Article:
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Impact of emergency hospital admissions upon patterns of primary care prescribing: a retrospective cohort analysis of electronic records

Research output: Contribution to journalArticle

Original languageEnglish
JournalBritish Journal of General Practice Open
DateAccepted/In press - 13 Nov 2019

Abstract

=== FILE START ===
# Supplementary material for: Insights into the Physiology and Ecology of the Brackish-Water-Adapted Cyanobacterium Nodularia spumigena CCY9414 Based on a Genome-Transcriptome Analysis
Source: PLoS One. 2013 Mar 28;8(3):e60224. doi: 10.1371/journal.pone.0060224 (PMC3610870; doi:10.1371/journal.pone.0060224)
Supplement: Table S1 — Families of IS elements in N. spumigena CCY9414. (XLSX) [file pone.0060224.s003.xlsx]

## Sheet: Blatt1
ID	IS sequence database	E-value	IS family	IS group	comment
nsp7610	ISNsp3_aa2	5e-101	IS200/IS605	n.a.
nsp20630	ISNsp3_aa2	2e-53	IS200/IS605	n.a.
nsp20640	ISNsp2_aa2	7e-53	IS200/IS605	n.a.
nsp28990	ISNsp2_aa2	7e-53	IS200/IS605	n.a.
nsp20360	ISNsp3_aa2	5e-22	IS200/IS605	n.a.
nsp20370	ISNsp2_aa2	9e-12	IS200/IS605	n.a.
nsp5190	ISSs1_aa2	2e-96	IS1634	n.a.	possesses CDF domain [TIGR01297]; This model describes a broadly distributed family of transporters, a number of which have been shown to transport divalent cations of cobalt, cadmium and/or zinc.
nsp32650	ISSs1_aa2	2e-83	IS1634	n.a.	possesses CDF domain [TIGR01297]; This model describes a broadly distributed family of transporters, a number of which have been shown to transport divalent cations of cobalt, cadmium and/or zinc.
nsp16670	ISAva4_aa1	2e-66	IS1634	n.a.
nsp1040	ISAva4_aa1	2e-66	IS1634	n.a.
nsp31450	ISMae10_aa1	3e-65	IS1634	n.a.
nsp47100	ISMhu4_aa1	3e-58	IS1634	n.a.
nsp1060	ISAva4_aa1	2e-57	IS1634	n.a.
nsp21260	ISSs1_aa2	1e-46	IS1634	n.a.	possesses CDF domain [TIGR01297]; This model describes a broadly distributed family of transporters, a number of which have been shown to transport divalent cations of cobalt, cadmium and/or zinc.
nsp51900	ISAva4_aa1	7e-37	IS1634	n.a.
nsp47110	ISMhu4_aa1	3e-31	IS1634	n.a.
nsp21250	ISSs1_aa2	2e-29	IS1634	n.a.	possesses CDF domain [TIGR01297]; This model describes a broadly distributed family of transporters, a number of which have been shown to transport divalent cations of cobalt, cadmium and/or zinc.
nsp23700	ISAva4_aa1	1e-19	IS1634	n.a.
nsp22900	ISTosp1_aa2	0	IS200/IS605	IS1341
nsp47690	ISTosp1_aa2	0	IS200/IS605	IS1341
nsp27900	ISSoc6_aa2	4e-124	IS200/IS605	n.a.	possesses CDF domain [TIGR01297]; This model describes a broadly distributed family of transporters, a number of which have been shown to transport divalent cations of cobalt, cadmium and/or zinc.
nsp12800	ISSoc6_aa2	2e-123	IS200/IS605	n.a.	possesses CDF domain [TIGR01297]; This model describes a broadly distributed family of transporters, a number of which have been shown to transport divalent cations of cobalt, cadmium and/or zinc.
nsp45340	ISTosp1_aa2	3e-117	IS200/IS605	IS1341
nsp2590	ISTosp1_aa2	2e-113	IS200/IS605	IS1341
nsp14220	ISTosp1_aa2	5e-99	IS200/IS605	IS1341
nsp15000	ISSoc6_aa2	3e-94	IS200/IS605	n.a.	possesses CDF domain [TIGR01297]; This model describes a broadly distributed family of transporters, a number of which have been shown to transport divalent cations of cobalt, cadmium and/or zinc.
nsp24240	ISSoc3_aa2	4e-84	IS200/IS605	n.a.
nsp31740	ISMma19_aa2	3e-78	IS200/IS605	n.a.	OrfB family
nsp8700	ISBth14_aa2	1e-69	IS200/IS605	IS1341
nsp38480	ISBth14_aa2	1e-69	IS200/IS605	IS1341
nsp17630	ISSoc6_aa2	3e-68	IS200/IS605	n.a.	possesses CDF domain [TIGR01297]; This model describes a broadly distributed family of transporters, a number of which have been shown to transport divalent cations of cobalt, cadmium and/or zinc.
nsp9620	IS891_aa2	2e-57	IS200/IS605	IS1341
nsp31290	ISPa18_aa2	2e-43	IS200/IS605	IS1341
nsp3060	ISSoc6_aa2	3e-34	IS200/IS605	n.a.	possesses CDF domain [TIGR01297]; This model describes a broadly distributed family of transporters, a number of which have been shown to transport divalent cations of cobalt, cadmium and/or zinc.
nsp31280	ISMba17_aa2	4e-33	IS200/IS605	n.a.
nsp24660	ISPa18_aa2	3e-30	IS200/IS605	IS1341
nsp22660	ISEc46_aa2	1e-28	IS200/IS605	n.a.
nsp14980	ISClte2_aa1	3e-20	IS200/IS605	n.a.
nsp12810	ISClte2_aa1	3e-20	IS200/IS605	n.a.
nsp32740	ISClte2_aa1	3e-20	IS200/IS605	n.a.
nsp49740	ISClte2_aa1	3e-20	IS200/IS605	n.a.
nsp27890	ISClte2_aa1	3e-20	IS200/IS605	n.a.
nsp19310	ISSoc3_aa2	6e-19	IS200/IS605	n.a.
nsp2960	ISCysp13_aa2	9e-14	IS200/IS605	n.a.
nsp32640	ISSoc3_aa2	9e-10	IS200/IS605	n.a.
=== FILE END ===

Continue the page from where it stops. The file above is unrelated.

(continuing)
Background Little is known about the impact of hospitalisation on prescribing in UK clinical practice. Aim To investigate whether an emergency hospital admission drives increases in polypharmacy and potentially inappropriate prescribing (PIP) in primary care. Design Retrospective cohort analysis Setting Primary care and emergency hospital admissions in England Methods Changes in number of prescriptions and PIP following an emergency hospital admission in 2014 (at admission and 4-weeks post-discharge), and 6-months post-discharge were calculated among 37,761 adult patients. Regression models were used to investigate changes in prescribing following an admission. Results Emergency attendees surviving 6-months (n=32,657) had, on average, 4.4 (SD=4.6) prescriptions prior to admission, and 4.7 (SD=4.7) (p-value<0.001) 4-weeks after discharge. Small increases (<0.5) in the number of prescriptions at 4-weeks were observed across most hospital specialities, except for surgery (-0.02, SD=0.65) and cardiology (2.1, SD=2.6). Number of PIPs increased after hospitalisation; 4% of patients had ≥1 PIP immediately prior to hospitalisation, increasing to 8% 4-weeks post-discharge. Across hospital specialities, increases in the proportion of patients with a PIP ranged from 2.1% for obstetrics/gynaecology to 8% for cardiology. Patients were, on average, prescribed fewer medicines 6-months, compared to 4-week post-discharge; 4.1 (SD=4.6) (p-value<0.001). Decreases in the number of prescriptions across specialities ranged from 0.2 (SD=1.6) for obstetrics/gynaecology to 0.9 (SD=3.5) for both cardiology and other medicines. PIPs decreased to 5.4% of patients. Conclusions Perceptions that hospitalisation are a consistent factor driving rises in polypharmacy are unfounded. However, hospitalisation may lead to increases in potentially inappropriate prescribing.

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